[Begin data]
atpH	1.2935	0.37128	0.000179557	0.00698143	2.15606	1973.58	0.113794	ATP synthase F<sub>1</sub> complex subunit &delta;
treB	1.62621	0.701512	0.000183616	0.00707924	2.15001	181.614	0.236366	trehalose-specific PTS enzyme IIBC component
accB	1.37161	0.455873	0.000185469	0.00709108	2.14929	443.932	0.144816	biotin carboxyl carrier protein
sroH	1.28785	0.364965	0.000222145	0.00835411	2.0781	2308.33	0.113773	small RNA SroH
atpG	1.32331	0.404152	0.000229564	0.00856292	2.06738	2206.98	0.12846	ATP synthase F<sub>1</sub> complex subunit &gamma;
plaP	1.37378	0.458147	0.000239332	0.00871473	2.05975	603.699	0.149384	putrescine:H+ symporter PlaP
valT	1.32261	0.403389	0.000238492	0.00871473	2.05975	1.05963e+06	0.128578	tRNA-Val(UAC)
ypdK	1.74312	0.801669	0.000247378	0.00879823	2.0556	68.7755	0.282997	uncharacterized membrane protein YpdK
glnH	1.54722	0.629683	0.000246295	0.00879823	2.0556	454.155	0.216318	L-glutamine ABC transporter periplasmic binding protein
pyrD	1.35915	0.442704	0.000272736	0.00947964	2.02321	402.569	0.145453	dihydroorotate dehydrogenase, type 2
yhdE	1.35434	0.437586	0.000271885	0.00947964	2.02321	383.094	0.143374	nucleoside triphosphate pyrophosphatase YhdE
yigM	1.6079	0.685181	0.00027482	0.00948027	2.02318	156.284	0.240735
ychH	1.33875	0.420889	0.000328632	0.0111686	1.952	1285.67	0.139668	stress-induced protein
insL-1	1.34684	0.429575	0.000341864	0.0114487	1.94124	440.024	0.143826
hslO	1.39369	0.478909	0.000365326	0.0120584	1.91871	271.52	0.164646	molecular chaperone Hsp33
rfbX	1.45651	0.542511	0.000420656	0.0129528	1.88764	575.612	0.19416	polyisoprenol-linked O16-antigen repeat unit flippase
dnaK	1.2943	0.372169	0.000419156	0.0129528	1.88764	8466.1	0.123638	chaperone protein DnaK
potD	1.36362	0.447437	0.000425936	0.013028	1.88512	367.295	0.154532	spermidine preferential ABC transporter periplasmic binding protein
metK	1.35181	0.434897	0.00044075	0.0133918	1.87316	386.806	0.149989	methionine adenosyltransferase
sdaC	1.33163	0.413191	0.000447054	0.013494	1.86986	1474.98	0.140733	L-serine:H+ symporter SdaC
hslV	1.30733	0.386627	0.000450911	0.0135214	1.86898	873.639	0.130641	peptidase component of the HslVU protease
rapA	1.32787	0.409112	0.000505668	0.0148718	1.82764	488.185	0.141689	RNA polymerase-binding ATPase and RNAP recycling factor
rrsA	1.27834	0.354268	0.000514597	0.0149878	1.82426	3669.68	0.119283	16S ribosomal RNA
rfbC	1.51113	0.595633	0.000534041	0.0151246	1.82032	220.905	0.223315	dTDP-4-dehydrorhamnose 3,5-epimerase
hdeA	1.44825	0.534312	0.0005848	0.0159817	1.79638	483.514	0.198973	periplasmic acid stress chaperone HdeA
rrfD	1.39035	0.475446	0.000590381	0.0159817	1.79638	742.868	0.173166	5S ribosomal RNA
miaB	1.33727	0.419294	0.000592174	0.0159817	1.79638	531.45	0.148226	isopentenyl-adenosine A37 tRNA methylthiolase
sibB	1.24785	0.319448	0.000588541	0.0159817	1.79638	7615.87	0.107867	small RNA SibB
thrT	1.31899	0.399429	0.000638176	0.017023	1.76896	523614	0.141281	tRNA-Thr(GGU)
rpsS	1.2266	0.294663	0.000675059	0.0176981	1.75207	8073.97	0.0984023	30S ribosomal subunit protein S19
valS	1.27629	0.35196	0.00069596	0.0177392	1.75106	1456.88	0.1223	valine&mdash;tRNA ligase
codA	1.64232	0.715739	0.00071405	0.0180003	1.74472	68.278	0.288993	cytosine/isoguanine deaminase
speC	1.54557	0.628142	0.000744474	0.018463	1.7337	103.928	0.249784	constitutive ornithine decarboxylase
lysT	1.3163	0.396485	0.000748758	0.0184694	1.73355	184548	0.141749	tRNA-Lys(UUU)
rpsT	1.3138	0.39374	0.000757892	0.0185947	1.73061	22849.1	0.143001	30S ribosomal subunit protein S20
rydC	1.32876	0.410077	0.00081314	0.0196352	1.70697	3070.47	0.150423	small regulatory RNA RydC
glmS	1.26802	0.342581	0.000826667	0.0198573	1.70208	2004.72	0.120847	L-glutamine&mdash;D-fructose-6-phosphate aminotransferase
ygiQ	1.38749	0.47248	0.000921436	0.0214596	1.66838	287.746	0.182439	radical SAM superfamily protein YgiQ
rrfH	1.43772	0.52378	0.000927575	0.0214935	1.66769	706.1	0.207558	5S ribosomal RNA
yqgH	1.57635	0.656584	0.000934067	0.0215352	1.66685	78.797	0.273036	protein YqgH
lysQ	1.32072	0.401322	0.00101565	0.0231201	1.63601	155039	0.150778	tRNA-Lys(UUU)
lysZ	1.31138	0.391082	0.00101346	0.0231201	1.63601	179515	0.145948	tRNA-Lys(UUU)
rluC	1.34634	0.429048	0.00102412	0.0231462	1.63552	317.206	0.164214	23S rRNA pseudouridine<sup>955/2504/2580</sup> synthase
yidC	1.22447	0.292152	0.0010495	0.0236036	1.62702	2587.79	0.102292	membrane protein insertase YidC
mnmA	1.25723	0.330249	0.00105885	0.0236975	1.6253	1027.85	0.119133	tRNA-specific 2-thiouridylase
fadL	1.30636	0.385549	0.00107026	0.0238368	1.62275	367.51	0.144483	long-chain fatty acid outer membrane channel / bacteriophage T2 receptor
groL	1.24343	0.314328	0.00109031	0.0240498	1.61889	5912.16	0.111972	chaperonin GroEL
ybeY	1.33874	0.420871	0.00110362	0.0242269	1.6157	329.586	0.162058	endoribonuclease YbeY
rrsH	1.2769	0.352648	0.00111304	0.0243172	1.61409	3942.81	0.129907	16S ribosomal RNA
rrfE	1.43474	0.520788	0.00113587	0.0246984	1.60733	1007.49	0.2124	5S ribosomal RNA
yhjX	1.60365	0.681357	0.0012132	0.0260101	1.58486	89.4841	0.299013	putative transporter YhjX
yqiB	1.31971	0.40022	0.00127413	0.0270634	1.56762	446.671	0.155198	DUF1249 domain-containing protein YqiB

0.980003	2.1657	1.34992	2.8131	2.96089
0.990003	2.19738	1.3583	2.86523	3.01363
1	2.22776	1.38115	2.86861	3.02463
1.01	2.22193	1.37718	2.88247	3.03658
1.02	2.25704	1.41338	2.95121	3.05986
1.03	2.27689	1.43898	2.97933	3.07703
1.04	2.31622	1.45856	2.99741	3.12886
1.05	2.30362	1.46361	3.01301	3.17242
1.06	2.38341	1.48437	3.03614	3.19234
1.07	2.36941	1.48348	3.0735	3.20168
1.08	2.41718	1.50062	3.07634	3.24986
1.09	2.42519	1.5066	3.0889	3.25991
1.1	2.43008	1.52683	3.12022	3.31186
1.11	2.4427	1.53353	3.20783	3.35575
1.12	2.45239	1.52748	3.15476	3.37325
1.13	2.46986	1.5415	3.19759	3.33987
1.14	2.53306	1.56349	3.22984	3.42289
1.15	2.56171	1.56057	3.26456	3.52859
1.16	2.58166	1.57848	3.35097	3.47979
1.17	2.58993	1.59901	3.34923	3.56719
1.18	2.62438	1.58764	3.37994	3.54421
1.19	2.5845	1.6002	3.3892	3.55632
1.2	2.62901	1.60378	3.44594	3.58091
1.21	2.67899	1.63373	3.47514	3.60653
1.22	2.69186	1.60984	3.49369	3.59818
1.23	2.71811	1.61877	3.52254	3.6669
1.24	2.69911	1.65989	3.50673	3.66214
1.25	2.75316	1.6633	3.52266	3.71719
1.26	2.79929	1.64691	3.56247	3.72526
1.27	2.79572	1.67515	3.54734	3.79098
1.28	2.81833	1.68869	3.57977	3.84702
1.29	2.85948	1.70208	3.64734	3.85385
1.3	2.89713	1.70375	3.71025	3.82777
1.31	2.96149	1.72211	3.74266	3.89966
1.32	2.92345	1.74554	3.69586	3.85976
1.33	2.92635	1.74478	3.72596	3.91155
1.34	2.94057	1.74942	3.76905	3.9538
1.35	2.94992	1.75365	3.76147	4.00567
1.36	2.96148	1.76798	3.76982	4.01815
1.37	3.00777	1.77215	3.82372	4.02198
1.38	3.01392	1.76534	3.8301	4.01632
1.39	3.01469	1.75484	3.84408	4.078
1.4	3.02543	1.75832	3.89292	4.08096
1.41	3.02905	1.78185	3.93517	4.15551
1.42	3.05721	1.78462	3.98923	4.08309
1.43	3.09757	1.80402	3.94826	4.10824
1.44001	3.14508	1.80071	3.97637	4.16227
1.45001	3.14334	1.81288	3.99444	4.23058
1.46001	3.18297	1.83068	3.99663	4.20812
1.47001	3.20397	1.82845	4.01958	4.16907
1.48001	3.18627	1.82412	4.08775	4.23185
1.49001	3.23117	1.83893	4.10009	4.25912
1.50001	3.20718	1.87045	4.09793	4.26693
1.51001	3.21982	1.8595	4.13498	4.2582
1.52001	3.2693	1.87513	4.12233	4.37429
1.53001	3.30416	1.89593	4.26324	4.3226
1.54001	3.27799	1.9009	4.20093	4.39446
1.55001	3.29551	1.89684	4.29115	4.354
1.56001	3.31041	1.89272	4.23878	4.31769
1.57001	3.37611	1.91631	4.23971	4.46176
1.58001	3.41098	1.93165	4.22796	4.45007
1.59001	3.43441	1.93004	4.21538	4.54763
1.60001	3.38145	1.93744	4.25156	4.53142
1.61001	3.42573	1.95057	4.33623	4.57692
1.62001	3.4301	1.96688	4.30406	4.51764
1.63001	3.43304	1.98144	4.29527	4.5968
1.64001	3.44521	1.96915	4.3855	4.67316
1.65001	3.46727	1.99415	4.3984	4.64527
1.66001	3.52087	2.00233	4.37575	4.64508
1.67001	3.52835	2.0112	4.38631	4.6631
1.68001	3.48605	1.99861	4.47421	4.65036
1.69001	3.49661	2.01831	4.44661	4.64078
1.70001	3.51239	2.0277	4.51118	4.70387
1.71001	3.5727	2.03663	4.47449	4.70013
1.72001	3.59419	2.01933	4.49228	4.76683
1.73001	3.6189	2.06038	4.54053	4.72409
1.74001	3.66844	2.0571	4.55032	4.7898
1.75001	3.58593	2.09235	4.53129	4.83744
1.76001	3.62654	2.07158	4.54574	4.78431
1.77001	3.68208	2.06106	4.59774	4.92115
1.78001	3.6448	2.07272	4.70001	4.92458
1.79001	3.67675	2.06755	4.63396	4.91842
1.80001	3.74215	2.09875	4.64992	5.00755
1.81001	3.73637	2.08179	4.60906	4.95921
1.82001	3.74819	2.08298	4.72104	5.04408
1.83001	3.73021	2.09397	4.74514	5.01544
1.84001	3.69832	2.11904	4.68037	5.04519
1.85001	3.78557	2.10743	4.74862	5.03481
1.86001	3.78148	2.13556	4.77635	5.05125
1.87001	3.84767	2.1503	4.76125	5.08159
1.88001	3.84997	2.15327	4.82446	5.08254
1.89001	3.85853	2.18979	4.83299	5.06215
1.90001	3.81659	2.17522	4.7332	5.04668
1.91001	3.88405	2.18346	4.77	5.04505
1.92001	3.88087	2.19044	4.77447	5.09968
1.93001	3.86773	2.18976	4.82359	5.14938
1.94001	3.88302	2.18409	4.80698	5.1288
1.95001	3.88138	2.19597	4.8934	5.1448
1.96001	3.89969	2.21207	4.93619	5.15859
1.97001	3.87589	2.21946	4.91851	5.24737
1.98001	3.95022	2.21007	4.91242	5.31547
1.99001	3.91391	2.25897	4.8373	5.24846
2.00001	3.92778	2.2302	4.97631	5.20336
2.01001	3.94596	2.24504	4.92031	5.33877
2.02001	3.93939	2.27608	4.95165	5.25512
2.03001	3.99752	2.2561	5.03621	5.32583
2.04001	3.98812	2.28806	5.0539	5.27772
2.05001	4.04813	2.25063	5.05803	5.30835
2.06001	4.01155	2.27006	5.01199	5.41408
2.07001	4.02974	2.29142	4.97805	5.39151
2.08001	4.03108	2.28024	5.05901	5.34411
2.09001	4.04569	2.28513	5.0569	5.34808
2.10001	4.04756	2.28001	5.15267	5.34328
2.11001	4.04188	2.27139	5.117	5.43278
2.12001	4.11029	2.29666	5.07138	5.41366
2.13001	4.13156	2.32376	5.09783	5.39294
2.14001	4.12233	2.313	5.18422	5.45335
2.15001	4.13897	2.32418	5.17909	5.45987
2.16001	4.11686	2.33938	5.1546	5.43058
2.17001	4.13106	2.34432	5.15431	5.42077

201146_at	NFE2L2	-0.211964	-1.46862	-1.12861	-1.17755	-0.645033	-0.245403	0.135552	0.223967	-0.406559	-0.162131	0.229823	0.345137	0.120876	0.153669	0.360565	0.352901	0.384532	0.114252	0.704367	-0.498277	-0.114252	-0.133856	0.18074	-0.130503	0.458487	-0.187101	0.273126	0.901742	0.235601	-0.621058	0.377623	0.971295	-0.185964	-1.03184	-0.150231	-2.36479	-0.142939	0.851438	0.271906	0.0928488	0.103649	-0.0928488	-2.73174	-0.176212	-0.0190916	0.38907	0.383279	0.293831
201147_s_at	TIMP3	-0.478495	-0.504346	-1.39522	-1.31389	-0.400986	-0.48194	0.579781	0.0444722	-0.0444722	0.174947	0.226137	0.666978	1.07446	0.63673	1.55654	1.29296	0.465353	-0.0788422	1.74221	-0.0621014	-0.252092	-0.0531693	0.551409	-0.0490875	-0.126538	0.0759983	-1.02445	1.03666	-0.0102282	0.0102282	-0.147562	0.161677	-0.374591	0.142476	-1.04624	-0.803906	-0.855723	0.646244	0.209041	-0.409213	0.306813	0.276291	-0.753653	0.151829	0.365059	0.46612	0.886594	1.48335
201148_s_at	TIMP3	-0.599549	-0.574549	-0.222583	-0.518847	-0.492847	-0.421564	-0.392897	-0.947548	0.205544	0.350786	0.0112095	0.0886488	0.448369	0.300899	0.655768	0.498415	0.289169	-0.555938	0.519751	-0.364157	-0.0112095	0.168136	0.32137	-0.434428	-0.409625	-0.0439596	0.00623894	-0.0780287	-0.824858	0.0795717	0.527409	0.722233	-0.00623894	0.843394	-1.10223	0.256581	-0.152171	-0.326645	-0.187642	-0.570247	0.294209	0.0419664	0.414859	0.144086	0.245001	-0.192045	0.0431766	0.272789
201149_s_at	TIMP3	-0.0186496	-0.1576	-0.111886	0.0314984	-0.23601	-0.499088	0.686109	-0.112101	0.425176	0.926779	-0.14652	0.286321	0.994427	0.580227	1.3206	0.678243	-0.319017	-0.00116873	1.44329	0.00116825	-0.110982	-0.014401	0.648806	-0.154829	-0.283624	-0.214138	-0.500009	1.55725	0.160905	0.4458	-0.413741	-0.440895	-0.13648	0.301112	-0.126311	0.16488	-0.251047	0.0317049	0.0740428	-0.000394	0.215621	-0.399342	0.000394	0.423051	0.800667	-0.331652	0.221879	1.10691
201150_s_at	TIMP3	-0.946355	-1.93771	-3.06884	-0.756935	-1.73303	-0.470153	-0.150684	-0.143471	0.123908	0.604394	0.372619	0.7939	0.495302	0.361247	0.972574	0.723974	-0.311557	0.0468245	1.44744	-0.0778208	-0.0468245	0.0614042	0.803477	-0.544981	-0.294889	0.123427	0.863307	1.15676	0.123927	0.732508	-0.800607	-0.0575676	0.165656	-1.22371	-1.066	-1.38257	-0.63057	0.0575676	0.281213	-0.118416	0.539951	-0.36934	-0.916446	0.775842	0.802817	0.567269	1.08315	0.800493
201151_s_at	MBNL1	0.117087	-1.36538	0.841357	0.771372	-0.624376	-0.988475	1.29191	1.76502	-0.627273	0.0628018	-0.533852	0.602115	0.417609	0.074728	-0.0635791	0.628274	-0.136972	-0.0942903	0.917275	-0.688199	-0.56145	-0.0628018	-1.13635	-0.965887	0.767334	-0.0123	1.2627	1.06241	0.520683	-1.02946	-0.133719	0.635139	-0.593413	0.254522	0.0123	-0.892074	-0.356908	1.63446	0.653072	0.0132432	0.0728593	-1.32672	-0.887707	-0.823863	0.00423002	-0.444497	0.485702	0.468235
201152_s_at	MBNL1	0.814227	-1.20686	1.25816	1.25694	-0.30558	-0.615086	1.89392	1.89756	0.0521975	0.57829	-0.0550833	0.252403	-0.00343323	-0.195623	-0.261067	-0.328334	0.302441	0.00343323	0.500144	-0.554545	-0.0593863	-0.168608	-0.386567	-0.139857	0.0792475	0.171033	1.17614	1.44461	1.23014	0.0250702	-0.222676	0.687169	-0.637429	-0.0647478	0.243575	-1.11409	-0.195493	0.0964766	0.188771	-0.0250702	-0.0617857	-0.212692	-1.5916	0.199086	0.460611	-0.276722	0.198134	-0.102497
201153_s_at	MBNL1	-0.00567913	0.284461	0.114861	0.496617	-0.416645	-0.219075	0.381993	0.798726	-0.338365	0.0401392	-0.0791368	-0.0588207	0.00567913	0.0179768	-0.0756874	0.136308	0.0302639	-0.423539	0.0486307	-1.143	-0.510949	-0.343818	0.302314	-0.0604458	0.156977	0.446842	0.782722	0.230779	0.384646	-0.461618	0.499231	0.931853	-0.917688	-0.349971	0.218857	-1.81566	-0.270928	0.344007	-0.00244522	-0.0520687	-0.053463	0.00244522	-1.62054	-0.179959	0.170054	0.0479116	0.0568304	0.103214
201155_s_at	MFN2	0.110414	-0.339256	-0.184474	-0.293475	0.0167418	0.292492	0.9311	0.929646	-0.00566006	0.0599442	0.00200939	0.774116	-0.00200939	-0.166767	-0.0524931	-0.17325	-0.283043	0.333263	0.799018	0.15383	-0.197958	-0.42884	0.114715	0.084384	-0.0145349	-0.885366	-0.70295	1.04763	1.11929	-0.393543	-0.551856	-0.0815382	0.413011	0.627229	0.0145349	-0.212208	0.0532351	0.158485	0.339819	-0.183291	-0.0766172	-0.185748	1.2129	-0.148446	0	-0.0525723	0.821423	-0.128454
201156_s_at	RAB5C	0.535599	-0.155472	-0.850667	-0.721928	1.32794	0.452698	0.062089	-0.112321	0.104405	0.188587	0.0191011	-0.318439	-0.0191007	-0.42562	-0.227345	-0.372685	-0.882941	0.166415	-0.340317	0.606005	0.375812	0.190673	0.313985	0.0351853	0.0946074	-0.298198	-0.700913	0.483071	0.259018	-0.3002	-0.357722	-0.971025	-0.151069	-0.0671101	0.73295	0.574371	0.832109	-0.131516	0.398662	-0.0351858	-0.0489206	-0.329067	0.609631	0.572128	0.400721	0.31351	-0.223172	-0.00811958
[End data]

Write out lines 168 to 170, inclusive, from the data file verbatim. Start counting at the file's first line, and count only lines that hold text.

2.13001	4.13156	2.32376	5.09783	5.39294
2.14001	4.12233	2.313	5.18422	5.45335
2.15001	4.13897	2.32418	5.17909	5.45987